Oct 15, 2003 Table of Contents

Please note: This information was current at the time of publication. But medical information is always changing, and some information given here may be out of date. For regularly updated information on a variety of health topics, please visit familydoctor.org, the AAFP patient education Web site.

Information from Your Family Doctor

Diabetes and Heart Disease

Am Fam Physician. 2003 Oct 15;68(8):1577-1578.

I have diabetes—why should I worry about heart disease?

If you have diabetes, you have a high risk for having a heart attack or a stroke. You are more likely to get heart disease—and at an younger age—than someone without diabetes.

There are things you can do to reduce your risk for heart disease. Learning about the ABCs of diabetes can help you control your condition and stay healthy.

What are the ABCs of diabetes?

A stands for the A1c test. This test measures your blood sugar over the past three months. It is the best way to know if your blood sugar is under control. Ask your doctor for an A1c test at least two times a year. Get the test more often if your blood sugar stays too high or if your doctor changes your treatment plan. The A1c goal for people with diabetes is below 7 percent.

B stands for blood pressure. High blood pressure makes your heart work too hard. Your doctor should take your blood pressure at every office visit. The blood pressure goal for people with diabetes is below 130 over 80 (this is the same as 130/80 mm Hg).

C stands for cholesterol. “Bad” cholesterol, or low-density lipoprotein (LDL, for short) cholesterol, builds up and clogs your arteries. Ask your doctor to check your cholesterol level at least once a year. The LDL cholesterol goal for people with diabetes is below 100 milligrams per deciliter (100 mg per dL).

What can I do to reduce my risk for heart disease?

  • Ask your doctor what your ABC numbers are and what you can do to reach your target ABC numbers.

  • Exercise every day.

  • Eat less fat and salt.

  • Eat more fiber: whole grains, fruits, vegetables, and beans.

  • Stay at a healthy weight.

  • If you smoke, ask your doctor to help you stop.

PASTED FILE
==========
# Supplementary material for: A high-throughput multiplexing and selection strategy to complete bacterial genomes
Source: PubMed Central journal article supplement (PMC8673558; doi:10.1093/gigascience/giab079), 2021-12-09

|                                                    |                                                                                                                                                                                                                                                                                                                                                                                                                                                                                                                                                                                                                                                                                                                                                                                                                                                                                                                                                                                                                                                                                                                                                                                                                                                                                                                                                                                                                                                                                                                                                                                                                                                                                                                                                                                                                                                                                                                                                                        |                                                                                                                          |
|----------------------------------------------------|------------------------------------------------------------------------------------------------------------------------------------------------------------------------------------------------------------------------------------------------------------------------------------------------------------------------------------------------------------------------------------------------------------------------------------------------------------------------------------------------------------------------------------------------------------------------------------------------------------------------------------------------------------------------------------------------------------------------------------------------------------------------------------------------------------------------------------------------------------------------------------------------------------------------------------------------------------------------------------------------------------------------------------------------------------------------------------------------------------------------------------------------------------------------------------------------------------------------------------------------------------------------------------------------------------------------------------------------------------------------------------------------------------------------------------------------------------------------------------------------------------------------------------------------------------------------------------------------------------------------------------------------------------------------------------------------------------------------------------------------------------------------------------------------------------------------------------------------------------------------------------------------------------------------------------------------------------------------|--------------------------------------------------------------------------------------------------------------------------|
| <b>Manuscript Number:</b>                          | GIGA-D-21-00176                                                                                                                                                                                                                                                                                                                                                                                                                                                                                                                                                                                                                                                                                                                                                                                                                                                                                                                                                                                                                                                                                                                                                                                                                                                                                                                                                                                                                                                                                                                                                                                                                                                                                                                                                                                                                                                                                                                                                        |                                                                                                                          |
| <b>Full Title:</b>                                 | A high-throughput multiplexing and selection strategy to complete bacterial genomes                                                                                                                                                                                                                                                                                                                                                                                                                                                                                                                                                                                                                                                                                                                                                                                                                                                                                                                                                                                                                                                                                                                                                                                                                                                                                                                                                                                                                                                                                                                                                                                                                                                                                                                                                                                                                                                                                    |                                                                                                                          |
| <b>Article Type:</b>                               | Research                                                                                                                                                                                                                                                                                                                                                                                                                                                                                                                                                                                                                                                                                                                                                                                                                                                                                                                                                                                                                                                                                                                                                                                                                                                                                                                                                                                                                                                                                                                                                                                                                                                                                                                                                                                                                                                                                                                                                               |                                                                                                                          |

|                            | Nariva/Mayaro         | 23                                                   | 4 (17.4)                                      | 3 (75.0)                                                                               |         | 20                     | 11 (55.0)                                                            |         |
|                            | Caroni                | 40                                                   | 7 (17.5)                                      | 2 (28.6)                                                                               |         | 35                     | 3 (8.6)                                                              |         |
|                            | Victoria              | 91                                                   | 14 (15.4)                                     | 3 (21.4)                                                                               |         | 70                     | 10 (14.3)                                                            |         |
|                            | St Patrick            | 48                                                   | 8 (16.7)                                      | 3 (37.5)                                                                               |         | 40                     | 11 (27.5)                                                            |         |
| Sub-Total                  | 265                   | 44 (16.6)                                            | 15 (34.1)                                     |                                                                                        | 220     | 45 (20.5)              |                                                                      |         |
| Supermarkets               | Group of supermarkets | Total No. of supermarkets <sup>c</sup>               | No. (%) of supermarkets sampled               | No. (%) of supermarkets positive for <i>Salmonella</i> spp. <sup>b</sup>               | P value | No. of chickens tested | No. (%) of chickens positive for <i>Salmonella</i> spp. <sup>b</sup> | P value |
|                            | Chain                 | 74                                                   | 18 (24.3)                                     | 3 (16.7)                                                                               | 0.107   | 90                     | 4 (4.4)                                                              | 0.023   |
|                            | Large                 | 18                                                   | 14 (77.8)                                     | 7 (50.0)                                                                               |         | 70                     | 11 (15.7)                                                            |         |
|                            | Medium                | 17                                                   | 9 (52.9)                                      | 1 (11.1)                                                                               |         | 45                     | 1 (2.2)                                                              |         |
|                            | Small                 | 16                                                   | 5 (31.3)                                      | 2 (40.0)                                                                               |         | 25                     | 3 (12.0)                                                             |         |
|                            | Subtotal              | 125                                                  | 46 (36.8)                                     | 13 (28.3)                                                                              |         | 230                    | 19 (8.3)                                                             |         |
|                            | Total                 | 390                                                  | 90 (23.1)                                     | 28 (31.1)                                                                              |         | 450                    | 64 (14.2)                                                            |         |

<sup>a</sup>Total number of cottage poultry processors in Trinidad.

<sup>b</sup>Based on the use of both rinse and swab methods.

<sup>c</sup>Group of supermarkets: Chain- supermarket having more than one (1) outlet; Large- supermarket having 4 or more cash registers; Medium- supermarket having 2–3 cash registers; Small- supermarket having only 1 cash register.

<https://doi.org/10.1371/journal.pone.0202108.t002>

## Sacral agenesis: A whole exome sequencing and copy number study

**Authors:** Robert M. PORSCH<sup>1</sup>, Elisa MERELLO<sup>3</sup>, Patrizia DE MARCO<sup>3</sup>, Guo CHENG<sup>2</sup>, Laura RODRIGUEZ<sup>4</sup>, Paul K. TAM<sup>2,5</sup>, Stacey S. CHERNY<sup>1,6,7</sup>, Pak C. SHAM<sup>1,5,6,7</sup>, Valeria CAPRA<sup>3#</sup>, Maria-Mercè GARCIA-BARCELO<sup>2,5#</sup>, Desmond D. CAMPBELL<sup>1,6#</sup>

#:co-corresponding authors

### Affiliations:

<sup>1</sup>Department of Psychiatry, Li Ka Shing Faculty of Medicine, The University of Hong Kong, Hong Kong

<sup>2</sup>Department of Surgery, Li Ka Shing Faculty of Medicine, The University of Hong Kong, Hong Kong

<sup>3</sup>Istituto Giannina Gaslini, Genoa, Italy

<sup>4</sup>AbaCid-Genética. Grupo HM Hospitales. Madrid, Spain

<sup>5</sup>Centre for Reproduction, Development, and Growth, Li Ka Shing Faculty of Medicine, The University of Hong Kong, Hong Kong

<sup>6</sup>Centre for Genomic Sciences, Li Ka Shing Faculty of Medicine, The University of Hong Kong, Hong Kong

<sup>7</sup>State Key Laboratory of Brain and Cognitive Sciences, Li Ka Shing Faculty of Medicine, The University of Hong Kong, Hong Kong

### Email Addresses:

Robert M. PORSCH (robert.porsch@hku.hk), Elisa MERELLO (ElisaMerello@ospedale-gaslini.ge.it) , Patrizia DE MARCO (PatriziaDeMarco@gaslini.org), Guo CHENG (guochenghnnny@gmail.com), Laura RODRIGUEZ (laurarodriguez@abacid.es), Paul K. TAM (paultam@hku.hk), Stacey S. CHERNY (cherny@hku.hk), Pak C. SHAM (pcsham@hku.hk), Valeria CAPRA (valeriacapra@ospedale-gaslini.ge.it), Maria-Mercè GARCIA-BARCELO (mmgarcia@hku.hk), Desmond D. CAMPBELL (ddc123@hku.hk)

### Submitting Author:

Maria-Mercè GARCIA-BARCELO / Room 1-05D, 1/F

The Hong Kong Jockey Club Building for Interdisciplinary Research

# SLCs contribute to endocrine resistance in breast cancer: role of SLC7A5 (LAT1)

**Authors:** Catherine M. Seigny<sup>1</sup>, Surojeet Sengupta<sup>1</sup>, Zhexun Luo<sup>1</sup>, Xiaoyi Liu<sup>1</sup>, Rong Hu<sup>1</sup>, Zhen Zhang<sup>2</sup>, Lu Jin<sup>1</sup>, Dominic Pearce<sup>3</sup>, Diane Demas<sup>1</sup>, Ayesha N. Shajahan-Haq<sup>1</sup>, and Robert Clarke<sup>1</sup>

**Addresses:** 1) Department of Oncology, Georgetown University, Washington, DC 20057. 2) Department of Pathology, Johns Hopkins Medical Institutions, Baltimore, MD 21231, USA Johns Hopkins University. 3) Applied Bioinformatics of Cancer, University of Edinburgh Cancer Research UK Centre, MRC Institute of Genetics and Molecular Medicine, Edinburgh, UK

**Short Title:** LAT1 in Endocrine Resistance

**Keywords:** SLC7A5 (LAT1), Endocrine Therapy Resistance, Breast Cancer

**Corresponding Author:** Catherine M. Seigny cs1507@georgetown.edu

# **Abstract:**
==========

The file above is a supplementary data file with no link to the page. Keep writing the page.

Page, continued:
• Take the medicines your doctor prescribes for you.

  • Ask your doctor if you should take aspirin every day.

Where can I learn more about diabetes and heart disease?

American Diabetes Association

Telephone: 1-888-342-2383

Web site: www.diabetes.org

American Dietetic Association

Telephone: 1-800-366-1655

Web site: www.eatright.org

American Heart Association

Telephone: 1-800-AHA-USA1

Web site: www.americanheart.org

Centers for Disease Control and Prevention

Telephone: 1-877-232-3422

Web site: www.cdc.gov/diabetes

National Heart, Lung, and Blood Institute

Telephone: 301-592-8573

Web site: www.nhlbi.nih.gov

National Institute of Diabetes and Digestive and KidneyDiseases National Diabetes Information Clearinghouse

Telephone: 1-800-860-8747

Web site: www.niddk.nih.gov


This handout is provided to you by your family doctor and the American Academy of Family Physicians. Other health-related information is available from the AAFP online at http://familydoctor.org.

This information provides a general overview and may not apply to everyone. Talk to your family doctor to find out if this information applies to you and to get more information on this subject.

Copyright © 2003 by the American Academy of Family Physicians.
This content is owned by the AAFP. A person viewing it online may make one printout of the material and may use that printout only for his or her personal, non-commercial reference. This material may not otherwise be downloaded, copied, printed, stored, transmitted or reproduced in any medium, whether now known or later invented, except as authorized in writing by the AAFP. Contact afpserv@aafp.org for copyright questions and/or permission requests.

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